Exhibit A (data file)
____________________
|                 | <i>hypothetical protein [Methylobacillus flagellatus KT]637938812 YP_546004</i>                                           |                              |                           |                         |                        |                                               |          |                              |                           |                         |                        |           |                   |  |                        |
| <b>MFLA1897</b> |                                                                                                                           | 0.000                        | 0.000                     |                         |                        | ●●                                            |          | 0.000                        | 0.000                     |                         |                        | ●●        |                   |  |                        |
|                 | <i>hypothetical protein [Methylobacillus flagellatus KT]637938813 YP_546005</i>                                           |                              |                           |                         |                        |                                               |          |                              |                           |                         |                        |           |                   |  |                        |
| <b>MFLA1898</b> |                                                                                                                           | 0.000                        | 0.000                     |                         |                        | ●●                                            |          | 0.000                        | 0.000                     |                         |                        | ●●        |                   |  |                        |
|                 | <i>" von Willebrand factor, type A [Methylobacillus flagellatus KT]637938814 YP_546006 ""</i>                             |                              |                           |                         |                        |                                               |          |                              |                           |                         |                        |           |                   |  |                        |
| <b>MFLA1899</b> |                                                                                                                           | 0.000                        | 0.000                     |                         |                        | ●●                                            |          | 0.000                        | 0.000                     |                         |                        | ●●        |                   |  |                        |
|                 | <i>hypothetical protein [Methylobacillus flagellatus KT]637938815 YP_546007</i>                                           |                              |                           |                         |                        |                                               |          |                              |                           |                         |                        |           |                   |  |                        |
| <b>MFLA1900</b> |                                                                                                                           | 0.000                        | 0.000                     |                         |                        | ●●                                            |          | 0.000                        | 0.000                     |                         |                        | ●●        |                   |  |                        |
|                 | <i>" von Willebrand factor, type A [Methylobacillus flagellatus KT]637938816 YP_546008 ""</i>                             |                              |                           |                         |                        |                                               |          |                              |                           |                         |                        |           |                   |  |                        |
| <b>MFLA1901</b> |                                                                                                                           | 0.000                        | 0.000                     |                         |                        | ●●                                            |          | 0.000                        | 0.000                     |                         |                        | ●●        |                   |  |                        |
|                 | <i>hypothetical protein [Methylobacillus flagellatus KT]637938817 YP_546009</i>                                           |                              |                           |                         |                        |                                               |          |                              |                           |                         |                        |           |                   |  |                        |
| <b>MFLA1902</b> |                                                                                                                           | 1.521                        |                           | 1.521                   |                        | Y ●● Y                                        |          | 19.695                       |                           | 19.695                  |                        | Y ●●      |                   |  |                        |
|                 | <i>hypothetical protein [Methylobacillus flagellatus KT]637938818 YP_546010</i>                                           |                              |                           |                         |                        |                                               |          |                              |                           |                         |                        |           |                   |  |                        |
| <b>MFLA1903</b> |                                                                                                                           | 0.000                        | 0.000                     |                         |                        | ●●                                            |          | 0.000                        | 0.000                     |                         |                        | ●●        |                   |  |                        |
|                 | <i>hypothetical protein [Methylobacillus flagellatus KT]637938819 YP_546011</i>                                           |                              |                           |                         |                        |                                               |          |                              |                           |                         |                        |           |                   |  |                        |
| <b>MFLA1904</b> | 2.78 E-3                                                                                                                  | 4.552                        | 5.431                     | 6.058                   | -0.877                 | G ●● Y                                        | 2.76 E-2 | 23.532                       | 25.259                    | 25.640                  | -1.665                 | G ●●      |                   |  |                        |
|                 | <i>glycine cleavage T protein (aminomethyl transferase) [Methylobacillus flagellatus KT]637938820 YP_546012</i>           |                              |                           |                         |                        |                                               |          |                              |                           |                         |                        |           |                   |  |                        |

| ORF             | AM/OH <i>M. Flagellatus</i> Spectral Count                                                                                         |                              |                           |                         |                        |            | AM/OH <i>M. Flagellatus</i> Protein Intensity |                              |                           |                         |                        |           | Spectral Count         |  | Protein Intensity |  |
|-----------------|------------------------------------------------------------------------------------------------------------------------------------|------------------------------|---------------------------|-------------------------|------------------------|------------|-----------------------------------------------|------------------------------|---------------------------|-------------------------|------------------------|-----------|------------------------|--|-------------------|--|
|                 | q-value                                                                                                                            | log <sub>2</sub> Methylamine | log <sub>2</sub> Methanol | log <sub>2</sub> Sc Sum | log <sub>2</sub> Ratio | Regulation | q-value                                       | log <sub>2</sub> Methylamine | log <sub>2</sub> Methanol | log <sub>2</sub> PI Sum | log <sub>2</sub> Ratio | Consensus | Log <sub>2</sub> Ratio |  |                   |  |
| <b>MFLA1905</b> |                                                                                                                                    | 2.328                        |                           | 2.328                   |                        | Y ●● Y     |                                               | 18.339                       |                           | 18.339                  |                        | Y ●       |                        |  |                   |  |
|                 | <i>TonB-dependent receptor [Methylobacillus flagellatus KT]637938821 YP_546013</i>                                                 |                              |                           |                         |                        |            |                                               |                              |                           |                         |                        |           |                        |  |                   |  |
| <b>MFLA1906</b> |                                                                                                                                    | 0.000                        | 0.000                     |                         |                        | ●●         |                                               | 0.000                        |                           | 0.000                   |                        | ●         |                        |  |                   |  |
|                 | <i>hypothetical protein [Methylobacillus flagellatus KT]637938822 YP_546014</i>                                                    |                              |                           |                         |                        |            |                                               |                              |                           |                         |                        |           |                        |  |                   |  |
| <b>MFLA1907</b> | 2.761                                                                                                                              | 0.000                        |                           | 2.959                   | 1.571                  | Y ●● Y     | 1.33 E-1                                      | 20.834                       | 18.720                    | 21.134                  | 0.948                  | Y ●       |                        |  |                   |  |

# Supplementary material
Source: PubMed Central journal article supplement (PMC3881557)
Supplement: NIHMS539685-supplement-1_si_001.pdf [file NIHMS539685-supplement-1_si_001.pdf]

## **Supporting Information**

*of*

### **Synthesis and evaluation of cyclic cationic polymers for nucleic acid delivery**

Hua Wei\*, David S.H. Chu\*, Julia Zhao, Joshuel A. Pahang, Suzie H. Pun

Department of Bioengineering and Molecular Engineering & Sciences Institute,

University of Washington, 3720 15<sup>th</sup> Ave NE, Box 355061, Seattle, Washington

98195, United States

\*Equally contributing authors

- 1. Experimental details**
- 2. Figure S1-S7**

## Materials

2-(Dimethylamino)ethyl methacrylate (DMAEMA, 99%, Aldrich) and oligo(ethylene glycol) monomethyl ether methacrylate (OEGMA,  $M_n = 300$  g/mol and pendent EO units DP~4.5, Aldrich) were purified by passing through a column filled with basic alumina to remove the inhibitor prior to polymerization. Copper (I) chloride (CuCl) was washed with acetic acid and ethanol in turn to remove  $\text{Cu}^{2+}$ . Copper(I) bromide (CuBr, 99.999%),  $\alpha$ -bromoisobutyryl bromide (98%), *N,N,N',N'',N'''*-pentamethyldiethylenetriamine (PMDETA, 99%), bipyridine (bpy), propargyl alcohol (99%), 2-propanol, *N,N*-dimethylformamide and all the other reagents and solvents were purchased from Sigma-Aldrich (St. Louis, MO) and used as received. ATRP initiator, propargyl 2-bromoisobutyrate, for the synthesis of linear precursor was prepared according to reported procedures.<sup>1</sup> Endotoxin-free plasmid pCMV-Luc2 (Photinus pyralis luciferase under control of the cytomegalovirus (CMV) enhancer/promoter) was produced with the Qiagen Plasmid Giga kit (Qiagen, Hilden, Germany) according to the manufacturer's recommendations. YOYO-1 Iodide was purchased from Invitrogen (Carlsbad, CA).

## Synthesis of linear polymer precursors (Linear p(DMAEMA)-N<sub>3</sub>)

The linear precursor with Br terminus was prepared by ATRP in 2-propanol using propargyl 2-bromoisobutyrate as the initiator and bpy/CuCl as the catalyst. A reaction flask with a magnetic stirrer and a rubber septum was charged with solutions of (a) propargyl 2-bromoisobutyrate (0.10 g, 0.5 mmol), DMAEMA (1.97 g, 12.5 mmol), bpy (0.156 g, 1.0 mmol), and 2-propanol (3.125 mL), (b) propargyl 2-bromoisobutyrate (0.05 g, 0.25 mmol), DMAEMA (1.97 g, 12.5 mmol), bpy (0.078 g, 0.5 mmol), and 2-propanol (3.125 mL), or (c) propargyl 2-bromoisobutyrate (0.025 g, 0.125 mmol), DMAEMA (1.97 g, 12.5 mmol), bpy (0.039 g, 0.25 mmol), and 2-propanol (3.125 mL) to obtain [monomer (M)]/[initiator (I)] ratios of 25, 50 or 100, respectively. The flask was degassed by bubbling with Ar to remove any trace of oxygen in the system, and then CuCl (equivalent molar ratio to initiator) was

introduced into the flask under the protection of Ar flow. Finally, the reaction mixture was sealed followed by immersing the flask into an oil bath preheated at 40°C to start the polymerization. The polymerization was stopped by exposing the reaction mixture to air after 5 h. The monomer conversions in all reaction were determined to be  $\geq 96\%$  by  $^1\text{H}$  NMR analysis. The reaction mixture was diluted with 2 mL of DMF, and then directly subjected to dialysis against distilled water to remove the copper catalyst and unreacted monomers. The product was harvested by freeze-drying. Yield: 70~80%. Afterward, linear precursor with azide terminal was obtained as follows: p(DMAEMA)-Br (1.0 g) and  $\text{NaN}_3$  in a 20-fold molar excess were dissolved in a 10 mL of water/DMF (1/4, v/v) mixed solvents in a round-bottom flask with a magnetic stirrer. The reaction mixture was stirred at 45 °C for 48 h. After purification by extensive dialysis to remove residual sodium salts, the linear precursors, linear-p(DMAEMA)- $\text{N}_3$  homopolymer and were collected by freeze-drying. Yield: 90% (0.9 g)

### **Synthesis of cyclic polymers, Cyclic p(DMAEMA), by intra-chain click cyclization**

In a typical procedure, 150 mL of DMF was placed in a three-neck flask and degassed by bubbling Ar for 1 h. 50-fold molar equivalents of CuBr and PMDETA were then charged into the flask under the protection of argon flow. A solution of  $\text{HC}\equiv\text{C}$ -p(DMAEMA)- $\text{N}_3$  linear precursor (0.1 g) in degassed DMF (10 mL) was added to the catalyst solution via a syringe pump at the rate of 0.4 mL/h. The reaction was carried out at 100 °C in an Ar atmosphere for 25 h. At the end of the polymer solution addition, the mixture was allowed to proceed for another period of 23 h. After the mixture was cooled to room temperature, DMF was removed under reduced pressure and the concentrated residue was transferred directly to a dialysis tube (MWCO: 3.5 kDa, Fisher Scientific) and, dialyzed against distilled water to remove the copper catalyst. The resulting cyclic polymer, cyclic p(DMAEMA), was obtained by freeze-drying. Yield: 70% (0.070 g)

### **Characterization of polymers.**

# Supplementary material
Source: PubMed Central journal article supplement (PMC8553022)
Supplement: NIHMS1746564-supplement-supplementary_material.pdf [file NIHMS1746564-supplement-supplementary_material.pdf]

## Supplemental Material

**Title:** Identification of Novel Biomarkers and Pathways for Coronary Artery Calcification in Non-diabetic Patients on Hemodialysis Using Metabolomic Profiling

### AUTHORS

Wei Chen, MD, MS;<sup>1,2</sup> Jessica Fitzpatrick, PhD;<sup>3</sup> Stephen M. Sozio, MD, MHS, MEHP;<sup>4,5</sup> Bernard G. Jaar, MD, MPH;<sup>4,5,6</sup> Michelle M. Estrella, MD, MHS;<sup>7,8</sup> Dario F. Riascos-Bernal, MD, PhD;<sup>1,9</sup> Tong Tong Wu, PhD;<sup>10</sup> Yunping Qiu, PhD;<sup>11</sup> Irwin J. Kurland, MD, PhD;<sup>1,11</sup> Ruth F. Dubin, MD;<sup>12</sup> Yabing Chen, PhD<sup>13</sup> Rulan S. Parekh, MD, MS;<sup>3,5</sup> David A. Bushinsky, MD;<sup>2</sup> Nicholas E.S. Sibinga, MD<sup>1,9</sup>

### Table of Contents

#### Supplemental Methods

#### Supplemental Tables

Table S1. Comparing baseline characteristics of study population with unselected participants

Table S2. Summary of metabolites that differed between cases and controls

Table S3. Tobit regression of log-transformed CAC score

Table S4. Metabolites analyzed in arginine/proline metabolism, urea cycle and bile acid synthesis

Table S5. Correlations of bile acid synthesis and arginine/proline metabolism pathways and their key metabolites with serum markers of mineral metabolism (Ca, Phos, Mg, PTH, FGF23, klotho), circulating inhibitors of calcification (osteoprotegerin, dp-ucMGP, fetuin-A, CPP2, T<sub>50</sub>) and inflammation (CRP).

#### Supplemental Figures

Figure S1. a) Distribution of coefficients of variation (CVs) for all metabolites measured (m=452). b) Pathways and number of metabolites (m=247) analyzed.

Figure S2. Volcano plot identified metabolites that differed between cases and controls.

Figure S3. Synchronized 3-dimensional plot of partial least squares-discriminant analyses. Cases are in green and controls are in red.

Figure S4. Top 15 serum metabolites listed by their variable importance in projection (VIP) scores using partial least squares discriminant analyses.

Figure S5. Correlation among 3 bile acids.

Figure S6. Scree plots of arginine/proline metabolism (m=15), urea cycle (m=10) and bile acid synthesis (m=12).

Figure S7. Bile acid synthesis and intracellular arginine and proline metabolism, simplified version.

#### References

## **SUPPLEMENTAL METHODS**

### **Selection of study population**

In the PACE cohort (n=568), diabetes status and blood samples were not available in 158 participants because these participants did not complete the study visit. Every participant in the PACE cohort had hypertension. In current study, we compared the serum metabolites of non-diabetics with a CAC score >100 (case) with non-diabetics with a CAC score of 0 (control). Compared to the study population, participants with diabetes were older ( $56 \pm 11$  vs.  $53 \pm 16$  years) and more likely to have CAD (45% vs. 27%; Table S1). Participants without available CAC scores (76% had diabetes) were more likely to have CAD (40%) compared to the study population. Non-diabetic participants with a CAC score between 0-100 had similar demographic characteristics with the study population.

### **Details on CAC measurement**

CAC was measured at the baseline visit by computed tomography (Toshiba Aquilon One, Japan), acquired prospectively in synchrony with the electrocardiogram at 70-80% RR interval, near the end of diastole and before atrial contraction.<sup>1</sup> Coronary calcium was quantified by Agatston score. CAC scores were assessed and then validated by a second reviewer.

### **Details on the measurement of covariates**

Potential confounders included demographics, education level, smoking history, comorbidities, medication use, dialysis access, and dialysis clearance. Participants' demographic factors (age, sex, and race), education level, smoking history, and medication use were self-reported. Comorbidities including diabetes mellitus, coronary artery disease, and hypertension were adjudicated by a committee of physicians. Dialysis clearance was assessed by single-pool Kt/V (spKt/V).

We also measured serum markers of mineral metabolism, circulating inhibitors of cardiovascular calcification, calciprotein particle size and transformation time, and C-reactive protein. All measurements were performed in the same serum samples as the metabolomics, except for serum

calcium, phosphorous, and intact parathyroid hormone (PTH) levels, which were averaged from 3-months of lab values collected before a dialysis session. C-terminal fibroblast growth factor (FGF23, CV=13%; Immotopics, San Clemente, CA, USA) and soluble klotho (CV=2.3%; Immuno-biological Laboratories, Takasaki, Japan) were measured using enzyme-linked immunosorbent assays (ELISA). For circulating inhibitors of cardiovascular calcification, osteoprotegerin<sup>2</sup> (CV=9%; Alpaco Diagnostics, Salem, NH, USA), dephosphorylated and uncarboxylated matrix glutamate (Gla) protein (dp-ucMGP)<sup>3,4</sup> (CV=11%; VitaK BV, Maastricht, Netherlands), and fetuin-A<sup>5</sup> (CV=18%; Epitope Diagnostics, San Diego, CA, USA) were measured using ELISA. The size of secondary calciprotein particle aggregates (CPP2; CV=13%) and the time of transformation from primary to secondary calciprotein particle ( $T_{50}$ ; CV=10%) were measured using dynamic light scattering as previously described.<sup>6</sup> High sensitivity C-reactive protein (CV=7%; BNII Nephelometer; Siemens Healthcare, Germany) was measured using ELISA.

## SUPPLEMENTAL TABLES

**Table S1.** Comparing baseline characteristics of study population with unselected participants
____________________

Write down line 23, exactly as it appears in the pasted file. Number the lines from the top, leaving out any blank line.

| <b>MFLA1906</b> |                                                                                                                                    | 0.000                        | 0.000                     |                         |                        | ●●         |                                               | 0.000                        |                           | 0.000                   |                        | ●         |                        |  |                   |  |